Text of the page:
We called the music we made proletariat, aware of the fact that we were blue-collar small-town dwellers, geographically and culturally isolated. We wrote and rehearsed in a reconditioned worsted mill built alongside the dirty Chadakoin River that moved sluggishly through a sad and decrepit part of our hometown.
Most of the Carter-era public funding for the arts that had caused a bit of a local renaissance in the ’70s was dying up. We were beginning to feel the country’s shift to the right at the threshold of the Reagan-Bush era. We had a growing understanding that the recession of post-industrial towns like ours might not be temporary and that we were coming of age in an atmosphere of nostalgia and decay. We all still lived at home with our parents, none of us in a position to buy our emancipation.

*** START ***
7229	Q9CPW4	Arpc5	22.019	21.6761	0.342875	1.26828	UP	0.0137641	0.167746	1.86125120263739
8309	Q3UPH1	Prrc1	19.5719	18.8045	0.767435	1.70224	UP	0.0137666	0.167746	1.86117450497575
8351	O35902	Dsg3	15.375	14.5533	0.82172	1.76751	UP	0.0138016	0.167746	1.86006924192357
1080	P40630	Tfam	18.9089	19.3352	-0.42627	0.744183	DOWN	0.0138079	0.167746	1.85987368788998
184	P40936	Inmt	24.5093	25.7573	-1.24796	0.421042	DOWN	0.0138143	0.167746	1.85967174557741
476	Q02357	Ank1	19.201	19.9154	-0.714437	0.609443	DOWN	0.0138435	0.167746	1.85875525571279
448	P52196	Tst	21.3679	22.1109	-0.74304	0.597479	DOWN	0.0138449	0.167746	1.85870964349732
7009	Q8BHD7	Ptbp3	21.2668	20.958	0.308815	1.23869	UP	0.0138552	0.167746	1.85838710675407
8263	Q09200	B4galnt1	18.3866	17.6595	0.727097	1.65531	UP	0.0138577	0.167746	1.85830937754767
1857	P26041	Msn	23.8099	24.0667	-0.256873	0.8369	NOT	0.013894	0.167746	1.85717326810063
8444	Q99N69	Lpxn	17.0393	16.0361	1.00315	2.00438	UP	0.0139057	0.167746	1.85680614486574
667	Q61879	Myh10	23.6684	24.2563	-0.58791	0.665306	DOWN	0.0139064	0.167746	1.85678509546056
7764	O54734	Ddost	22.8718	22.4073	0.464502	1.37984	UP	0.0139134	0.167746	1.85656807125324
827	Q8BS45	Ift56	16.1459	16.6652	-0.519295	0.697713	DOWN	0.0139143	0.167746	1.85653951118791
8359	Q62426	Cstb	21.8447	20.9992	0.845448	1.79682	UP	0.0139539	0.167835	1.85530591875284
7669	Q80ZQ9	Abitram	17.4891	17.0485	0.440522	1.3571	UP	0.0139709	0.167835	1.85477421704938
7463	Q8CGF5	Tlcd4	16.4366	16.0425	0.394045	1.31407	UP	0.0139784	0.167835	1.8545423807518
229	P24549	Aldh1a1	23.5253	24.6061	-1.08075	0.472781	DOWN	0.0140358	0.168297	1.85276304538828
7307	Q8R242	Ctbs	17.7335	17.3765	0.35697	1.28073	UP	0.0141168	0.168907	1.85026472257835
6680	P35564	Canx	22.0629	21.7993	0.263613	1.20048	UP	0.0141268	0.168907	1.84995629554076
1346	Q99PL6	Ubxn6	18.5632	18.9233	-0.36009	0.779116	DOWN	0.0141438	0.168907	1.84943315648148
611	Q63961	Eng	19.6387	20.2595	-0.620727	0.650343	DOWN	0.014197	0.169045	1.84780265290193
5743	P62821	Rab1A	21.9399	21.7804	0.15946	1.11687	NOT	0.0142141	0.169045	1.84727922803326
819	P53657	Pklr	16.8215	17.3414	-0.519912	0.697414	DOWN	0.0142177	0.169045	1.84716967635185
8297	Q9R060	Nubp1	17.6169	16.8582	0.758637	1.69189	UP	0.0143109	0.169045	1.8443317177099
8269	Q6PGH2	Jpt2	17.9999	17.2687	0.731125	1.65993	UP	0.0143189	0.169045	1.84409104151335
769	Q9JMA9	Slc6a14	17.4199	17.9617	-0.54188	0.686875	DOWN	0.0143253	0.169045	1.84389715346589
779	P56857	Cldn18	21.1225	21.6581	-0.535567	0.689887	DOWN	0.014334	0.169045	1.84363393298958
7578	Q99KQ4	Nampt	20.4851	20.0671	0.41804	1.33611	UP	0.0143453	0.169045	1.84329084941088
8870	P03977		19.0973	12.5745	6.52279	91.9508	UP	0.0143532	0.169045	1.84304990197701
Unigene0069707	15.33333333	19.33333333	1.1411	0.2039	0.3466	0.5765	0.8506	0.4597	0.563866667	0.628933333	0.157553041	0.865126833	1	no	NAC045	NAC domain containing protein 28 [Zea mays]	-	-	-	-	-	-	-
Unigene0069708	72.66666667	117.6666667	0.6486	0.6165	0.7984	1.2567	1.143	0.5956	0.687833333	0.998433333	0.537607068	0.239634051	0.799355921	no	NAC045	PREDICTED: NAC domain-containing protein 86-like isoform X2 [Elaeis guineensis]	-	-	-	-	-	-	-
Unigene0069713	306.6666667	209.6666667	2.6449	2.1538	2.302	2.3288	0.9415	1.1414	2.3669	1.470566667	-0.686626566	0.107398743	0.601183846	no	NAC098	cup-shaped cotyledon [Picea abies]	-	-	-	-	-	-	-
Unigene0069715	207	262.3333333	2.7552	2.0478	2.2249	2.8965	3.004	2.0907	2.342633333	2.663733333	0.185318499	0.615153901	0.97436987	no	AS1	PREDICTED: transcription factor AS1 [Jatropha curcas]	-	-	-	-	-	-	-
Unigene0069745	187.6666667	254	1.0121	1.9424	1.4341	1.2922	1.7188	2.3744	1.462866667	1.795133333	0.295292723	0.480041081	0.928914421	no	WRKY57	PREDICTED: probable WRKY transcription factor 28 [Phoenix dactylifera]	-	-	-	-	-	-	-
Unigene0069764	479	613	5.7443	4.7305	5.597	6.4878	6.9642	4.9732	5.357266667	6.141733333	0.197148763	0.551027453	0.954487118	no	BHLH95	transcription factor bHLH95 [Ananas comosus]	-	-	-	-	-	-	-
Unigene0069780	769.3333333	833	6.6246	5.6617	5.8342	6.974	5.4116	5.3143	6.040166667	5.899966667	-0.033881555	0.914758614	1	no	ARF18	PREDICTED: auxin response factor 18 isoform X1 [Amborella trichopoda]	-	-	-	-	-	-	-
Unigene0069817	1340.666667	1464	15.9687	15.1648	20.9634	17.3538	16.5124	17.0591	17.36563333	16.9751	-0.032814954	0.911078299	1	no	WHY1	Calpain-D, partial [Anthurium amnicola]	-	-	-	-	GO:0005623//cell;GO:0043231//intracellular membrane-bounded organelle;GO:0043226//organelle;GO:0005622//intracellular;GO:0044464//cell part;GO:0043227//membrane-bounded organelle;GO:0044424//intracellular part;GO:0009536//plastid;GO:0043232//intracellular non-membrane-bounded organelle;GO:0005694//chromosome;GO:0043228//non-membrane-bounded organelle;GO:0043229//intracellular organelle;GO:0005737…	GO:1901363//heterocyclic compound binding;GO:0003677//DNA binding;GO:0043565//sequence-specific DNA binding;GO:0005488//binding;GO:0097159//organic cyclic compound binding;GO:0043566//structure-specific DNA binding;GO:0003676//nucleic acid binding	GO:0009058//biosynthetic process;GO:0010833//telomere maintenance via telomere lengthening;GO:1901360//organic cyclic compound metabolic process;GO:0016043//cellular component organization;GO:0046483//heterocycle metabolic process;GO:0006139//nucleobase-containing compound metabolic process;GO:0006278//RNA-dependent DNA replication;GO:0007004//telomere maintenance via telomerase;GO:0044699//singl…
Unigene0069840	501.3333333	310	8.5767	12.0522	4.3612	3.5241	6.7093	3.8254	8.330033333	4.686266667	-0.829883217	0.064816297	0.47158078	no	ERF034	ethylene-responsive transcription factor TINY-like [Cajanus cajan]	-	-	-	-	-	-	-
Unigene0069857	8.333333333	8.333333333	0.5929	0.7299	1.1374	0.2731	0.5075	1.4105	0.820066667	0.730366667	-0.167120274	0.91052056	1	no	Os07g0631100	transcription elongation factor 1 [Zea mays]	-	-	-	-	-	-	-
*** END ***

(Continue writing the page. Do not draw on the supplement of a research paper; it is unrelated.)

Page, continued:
—Natalie Merchant in 2004, about the first years of 10,000 Maniacs (from Campfire Songs: The Popular, Obscure and Unknown Recordings).